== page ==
OTTAWA — The three opposition parties united in a bid Thursday to force the Conservative government to let them look at uncensored documents on the Afghan detainees affair or face rare parliamentary contempt proceedings.
They said the government would not have to table uncensored documents in the House of Commons or on the Internet, but could provide them to members of the special committee on the mission in Afghanistan who could be sworn to secrecy to safeguard national security and other legitimate grounds of confidentiality.
Liberal, New Democratic Party and Bloc Quebecois MPs argued in Commons that their parliamentary privileges have been breached by the government's failure to respond to a Dec. 10 motion, passed in the Commons, requesting uncensored documents related to such policies as the transfer by Canadian Forces of Afghan detainees to Afghan prisons and to warnings from diplomats that they could be tortured.
"We are aware of national security concerns and we have indicated publicly our willingness to discuss these valid concerns and provide a method of protecting them," said New Democratic Party defence critic Jack Harris. "However, we are not prepared to compromise on Canadians' right to have an accountable government that does not use national security as a catch-all phrase to cover up embarrassing or damaging information."
Speaker Peter Milliken said he would rule on the potential breach or privilege after giving ministers a chance to respond. But Milliken immediately dismissed a government argument that the opposition MPs are too late in their objections because it's been three months since the Dec. 10 motion was passed.
Milliken rejected that because the government had prorogued Parliament and there was no opportunity for MPs to lodge their objections when Parliament wasn't sitting.
Toronto Liberal Derek Lee, an expert on parliamentary rights, said the request from Parliament was based on "340 years of bedrock constitutional history" in which Parliament has the right to keep the government accountable and to summon documents and witnesses to perform its functions.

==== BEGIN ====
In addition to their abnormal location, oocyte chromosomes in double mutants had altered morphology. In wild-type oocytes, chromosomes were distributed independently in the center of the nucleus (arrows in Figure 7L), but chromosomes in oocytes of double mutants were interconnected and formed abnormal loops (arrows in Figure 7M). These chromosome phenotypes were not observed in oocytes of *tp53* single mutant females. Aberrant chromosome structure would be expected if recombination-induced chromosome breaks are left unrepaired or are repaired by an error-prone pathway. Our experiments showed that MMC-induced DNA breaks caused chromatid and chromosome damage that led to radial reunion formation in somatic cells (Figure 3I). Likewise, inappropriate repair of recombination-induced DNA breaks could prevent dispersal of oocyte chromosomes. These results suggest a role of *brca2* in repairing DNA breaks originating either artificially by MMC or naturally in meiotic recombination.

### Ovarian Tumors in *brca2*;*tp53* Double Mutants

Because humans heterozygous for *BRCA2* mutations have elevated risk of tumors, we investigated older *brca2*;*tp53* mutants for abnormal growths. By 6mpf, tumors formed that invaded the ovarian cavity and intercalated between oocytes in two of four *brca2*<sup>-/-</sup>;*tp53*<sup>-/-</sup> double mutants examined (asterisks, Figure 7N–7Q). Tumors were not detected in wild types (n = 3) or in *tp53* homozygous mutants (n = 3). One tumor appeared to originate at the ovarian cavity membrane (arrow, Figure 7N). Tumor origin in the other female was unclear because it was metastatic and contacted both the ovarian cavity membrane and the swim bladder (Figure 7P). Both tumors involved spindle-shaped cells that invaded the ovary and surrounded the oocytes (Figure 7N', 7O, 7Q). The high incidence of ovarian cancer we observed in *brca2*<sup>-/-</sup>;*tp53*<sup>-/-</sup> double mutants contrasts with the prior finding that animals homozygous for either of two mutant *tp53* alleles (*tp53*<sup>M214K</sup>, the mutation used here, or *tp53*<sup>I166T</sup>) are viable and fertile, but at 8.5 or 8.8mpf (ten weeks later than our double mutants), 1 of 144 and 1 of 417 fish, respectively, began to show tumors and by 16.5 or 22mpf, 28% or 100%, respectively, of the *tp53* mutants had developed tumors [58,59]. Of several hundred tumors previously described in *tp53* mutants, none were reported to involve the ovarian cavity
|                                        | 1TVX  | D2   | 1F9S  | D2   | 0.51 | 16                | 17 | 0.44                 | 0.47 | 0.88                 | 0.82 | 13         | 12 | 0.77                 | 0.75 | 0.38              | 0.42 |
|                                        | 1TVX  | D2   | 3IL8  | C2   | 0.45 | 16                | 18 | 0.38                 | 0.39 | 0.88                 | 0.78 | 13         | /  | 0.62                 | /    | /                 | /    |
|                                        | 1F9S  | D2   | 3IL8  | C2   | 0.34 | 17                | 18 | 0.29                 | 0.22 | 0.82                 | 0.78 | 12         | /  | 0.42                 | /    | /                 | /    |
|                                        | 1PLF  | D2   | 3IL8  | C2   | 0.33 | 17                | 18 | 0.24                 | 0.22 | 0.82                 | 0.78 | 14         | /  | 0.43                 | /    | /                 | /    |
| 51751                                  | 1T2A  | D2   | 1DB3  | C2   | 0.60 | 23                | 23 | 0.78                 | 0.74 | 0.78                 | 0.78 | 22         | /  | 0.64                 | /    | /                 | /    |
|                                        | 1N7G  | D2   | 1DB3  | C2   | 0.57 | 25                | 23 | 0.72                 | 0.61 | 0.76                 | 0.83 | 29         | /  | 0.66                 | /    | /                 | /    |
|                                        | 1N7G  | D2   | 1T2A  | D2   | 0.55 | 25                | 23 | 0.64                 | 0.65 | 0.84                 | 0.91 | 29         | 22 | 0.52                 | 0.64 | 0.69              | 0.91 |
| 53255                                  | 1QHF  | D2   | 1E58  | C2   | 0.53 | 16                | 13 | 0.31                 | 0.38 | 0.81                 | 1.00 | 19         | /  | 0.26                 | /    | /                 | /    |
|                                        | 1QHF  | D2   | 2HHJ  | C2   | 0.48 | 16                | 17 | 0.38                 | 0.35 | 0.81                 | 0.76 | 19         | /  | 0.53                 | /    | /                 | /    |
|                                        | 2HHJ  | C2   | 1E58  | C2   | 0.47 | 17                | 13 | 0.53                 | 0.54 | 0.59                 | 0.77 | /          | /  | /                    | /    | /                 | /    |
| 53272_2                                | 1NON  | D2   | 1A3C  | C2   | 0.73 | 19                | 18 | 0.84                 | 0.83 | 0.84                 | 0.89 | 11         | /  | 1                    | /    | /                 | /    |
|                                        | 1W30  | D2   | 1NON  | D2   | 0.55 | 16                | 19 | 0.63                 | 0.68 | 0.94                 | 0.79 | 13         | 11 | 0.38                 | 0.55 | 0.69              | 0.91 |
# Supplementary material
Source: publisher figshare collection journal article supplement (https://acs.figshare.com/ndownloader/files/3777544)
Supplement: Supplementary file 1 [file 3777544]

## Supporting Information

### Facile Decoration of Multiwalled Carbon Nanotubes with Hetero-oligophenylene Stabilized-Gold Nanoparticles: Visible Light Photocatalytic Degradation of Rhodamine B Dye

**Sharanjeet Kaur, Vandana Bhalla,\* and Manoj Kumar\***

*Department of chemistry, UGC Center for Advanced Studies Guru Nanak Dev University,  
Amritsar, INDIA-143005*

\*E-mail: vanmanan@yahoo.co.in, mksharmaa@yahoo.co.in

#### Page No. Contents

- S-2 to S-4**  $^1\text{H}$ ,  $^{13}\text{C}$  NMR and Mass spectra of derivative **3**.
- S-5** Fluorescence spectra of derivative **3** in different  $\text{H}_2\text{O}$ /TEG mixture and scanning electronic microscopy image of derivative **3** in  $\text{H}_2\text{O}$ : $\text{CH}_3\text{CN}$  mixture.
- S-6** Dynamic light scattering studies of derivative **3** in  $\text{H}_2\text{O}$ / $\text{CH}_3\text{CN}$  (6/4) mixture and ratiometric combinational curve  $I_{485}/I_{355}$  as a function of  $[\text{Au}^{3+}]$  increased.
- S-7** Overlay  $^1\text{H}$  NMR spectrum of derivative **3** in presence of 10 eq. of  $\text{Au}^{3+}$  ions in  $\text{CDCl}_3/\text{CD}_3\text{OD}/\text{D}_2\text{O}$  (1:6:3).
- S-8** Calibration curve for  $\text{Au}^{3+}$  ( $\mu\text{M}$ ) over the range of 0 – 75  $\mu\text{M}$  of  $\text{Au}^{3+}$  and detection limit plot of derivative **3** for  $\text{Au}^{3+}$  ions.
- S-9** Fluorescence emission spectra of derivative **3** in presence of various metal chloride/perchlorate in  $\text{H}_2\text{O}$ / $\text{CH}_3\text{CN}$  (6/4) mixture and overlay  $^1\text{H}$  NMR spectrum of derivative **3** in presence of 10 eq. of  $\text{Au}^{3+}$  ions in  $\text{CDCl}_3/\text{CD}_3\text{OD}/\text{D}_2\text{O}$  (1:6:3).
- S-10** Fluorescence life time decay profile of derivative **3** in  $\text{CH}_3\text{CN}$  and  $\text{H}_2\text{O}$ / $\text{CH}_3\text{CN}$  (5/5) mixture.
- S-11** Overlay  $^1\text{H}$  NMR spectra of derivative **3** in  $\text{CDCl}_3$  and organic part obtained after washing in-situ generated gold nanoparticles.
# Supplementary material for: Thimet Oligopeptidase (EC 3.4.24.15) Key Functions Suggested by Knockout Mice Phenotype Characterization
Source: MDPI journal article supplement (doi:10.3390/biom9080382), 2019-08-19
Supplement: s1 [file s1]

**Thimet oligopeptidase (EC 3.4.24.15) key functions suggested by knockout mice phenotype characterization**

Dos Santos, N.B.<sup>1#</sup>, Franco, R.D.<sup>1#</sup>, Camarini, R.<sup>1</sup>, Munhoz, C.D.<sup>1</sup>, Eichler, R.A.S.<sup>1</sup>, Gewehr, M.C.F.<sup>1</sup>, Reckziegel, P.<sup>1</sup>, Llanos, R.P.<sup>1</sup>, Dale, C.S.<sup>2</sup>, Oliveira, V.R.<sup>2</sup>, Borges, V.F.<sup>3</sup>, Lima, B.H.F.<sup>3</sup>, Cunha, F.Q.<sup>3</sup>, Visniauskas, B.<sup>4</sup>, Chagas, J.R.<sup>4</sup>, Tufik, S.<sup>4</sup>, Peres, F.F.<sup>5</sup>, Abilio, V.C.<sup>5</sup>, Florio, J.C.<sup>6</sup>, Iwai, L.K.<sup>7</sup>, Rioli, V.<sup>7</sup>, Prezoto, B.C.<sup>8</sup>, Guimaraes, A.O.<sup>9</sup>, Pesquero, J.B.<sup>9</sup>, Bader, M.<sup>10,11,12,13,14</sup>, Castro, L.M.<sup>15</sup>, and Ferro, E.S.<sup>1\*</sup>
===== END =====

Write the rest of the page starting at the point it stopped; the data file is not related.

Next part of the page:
"There are no other persons who can come into this House to protect the constitutional foundations of this country, only the 308 persons here," Lee said, referring to MPs. "So if we do not stand up for our Parliament's role on behalf of Canadians, then there is no one else out there to do it."
Meanwhile at a defence committee hearing, Defence Minister Peter MacKay said the government would soon appoint an acting chairperson of the Military Police Complaints Commission for a one-year term. He said the person would be someone from inside the commission.
The job is already filled by an acting chairperson from inside the commission, former Windsor police chief Glenn Stannard. He replaced Peter Tinsley, a lawyer and former member of the armed services whose appointment was not extended as he hoped in December. The commission is set to resume hearings on Afghan detainees next Wednesday.
"This is the continuing saga of the obstruction and the obfuscation that this government is engaged in," said Liberal defence critic Ujjal Dosanjh. "This whole mess started with the Military Police Complaints Commission's work being stymied by the justice lawyers who sent intimidating letters to witnesses and brought umpteen motions before the courts to shut it down."
Dosanjh says the commission should be chaired by a lawyer because of numerous jurisdictional arguments that come up at the hearings. The other commission panellist is a former deputy RCMP commissioner.
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